| [p. 260]such persons, when they grow up, can use the limb, which is only a little shorter than the other, and yet they support themselves on a staff at the affected side. For, not being able to use properly the ball of the foot without the heel, nor to put it down as some can in the other varieties of dislocation (the cause of which has been just now stated), on this account they require a staff. But those who are neglected, and are not in the practice of putting their foot to the ground, but keep the limb up, have the bones more atrophied than those who use the limb; and, at the articulations, the limb is more maimed in the direct line than in the other forms of dislocation.
In a word, luxations and subluxations take place in different degrees, being sometimes greater and sometimes less; and those cases in which the bone has slipped or been displaced to a much greater extent, are in general more difficult to rectify than otherwise; and if not reduced, such cases have greater and more striking impairment and lesion of the bones, fleshy parts, and attitudes; but when the bone has slipped, or been displaced to a less extent, it is easier to reduce such cases than the other; and if the attempts at reduction have failed, or have been neglected, the impairment in such cases is less, and proves less injurious than in the cases just mentioned. The other joints present great differences as to the extent of the displacements which they are subject to. But the heads of the femur and humerus are very similar to one another as to their dislocations. For the heads of the bones are rounded and smooth, and the sockets which receive the heads are also circular, and adapted to the heads; they do not admit then of being dislocated in any intermediate degree, but, not withstanding, from their rounded shape, the bones slip either outward or inward. In the case we are now treating of, then, there is either a complete dislocation or none at all, and yet these bones admit of being displaced to a greater or less extent; and the thigh is more subject to these differences than the arm.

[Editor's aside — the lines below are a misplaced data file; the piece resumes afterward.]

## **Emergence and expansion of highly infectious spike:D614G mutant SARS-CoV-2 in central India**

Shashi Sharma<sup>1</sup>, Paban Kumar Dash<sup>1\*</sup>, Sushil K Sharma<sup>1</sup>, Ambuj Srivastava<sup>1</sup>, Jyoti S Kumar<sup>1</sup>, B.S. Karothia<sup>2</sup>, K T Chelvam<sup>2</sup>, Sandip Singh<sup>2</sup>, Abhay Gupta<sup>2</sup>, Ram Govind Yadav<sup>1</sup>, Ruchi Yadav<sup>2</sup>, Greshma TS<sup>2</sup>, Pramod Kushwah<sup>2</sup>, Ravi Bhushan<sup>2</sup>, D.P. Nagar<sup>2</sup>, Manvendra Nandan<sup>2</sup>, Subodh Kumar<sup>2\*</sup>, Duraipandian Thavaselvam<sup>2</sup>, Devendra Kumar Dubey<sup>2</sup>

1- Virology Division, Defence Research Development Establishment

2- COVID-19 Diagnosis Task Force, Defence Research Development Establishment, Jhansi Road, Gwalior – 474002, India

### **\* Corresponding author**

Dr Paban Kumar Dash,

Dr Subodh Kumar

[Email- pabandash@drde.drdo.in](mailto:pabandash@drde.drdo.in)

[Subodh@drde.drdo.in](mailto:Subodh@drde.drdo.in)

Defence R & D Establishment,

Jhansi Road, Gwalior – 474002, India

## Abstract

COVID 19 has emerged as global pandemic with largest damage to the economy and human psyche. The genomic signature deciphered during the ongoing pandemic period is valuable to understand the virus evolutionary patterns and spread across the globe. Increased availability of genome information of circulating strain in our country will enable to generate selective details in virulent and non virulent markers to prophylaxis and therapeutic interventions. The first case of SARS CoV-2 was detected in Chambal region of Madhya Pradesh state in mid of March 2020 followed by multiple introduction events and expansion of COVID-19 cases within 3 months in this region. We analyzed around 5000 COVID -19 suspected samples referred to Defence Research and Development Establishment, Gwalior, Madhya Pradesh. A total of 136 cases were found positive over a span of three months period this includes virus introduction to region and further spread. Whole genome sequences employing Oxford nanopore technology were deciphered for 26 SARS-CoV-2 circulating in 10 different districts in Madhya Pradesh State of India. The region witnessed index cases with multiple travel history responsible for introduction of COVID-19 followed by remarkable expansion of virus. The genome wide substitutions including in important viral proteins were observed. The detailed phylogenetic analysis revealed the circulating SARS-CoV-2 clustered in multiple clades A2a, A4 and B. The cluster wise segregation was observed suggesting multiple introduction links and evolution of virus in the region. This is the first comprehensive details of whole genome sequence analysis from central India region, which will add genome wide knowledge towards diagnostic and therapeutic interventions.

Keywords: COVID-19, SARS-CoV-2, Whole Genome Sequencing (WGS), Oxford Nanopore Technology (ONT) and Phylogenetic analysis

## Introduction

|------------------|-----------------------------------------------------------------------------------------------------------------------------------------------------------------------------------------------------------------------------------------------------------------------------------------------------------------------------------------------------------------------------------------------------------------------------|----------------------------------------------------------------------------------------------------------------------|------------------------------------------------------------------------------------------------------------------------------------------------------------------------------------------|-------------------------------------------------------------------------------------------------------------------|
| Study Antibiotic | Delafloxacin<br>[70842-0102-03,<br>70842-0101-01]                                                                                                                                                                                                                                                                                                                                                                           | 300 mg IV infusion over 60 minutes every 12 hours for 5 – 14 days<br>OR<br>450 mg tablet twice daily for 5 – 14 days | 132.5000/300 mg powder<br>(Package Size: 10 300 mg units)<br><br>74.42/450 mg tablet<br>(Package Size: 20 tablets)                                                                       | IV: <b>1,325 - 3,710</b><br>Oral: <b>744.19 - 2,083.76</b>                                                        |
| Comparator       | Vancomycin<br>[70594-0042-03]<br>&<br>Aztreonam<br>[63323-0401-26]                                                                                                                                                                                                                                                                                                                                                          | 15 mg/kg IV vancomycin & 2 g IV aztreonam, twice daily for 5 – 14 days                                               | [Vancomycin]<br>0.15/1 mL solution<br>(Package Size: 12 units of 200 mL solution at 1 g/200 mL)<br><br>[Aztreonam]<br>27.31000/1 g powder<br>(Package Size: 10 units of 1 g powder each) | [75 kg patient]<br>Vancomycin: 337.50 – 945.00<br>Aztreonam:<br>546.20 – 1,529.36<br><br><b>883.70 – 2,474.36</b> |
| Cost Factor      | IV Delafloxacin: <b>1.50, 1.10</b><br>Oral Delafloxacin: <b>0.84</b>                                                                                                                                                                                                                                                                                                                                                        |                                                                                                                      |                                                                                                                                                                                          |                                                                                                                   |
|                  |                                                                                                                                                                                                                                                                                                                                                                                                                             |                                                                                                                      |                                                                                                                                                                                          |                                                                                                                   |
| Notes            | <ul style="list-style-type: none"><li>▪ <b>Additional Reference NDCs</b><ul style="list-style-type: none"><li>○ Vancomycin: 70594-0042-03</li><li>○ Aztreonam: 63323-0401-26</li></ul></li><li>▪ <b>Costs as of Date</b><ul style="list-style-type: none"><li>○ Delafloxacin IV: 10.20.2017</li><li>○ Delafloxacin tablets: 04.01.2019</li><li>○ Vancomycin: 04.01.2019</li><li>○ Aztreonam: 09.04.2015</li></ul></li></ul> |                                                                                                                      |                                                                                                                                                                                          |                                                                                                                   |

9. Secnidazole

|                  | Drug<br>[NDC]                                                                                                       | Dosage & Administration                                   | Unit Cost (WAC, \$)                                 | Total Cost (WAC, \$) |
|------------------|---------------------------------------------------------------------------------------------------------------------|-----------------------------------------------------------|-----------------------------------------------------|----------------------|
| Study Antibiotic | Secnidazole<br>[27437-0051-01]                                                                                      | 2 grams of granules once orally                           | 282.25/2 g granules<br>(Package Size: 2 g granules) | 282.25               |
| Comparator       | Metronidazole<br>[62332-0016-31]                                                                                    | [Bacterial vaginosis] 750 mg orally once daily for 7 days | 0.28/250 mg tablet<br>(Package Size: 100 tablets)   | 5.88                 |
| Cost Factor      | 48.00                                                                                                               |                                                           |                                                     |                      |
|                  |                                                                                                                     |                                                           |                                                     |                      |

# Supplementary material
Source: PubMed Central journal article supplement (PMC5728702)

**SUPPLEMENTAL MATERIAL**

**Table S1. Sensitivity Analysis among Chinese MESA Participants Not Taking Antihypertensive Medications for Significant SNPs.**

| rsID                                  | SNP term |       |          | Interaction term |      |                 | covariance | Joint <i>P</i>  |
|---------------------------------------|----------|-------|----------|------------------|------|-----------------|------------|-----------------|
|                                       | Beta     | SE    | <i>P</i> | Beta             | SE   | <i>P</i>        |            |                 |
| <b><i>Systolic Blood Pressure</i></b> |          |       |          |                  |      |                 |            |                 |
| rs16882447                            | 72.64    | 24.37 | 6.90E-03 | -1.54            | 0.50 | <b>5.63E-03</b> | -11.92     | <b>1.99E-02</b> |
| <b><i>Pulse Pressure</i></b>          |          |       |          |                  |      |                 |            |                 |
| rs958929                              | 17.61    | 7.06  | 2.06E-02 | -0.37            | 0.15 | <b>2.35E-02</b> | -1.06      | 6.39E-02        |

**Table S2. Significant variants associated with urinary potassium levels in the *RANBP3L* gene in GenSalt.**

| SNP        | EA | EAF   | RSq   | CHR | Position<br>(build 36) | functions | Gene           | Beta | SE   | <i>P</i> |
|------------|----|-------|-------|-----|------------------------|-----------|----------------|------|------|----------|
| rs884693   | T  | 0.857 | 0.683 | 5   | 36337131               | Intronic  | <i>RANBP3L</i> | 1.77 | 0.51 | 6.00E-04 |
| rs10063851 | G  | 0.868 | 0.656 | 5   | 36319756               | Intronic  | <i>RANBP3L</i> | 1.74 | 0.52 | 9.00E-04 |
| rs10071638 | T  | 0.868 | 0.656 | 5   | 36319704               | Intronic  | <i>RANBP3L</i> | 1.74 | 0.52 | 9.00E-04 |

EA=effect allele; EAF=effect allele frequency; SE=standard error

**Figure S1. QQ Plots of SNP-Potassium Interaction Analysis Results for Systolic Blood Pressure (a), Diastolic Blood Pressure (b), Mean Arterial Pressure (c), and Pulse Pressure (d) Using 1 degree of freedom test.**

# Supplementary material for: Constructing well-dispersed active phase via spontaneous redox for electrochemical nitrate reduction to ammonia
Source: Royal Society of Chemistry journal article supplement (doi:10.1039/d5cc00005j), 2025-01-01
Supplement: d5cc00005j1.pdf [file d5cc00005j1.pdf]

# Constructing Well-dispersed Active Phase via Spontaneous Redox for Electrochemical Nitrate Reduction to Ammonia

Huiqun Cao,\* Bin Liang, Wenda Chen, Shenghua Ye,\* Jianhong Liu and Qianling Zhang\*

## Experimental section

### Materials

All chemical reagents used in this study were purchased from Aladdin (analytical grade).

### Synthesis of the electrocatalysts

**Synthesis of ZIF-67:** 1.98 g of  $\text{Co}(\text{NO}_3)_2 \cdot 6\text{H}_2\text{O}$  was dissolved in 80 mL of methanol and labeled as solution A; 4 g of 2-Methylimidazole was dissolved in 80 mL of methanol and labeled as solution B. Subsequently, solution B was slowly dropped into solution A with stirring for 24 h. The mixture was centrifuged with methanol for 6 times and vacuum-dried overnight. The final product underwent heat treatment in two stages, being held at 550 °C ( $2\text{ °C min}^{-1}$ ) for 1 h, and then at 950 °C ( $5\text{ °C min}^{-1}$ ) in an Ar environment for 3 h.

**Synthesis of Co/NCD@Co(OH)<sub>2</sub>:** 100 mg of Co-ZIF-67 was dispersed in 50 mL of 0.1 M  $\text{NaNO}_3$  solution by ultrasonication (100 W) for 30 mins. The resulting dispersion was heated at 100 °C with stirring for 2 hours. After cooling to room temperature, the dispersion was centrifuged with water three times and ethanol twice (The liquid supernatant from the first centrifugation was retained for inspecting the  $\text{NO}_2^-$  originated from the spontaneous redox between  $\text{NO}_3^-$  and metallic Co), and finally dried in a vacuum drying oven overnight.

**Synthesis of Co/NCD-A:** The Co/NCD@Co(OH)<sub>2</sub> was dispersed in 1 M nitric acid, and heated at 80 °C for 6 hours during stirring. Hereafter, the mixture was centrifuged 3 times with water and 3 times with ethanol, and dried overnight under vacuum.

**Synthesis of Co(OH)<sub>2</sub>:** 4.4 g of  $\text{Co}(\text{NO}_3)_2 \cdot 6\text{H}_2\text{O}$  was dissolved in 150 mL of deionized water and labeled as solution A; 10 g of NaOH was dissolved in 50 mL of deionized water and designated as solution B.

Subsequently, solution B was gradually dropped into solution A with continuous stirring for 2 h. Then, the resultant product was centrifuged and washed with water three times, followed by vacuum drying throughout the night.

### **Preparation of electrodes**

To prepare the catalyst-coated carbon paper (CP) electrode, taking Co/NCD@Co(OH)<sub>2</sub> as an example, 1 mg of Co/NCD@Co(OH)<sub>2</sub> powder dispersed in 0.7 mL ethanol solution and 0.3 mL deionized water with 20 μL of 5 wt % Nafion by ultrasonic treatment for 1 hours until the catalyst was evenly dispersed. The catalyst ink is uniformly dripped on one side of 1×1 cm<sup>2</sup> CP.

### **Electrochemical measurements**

Wherefore, then, some of these congenital displacements, if to a small extent, may be reduced to their natural condition, and especially those at the ankle-joint. Most cases of congenital club-foot are remediable, unless the declination be very great,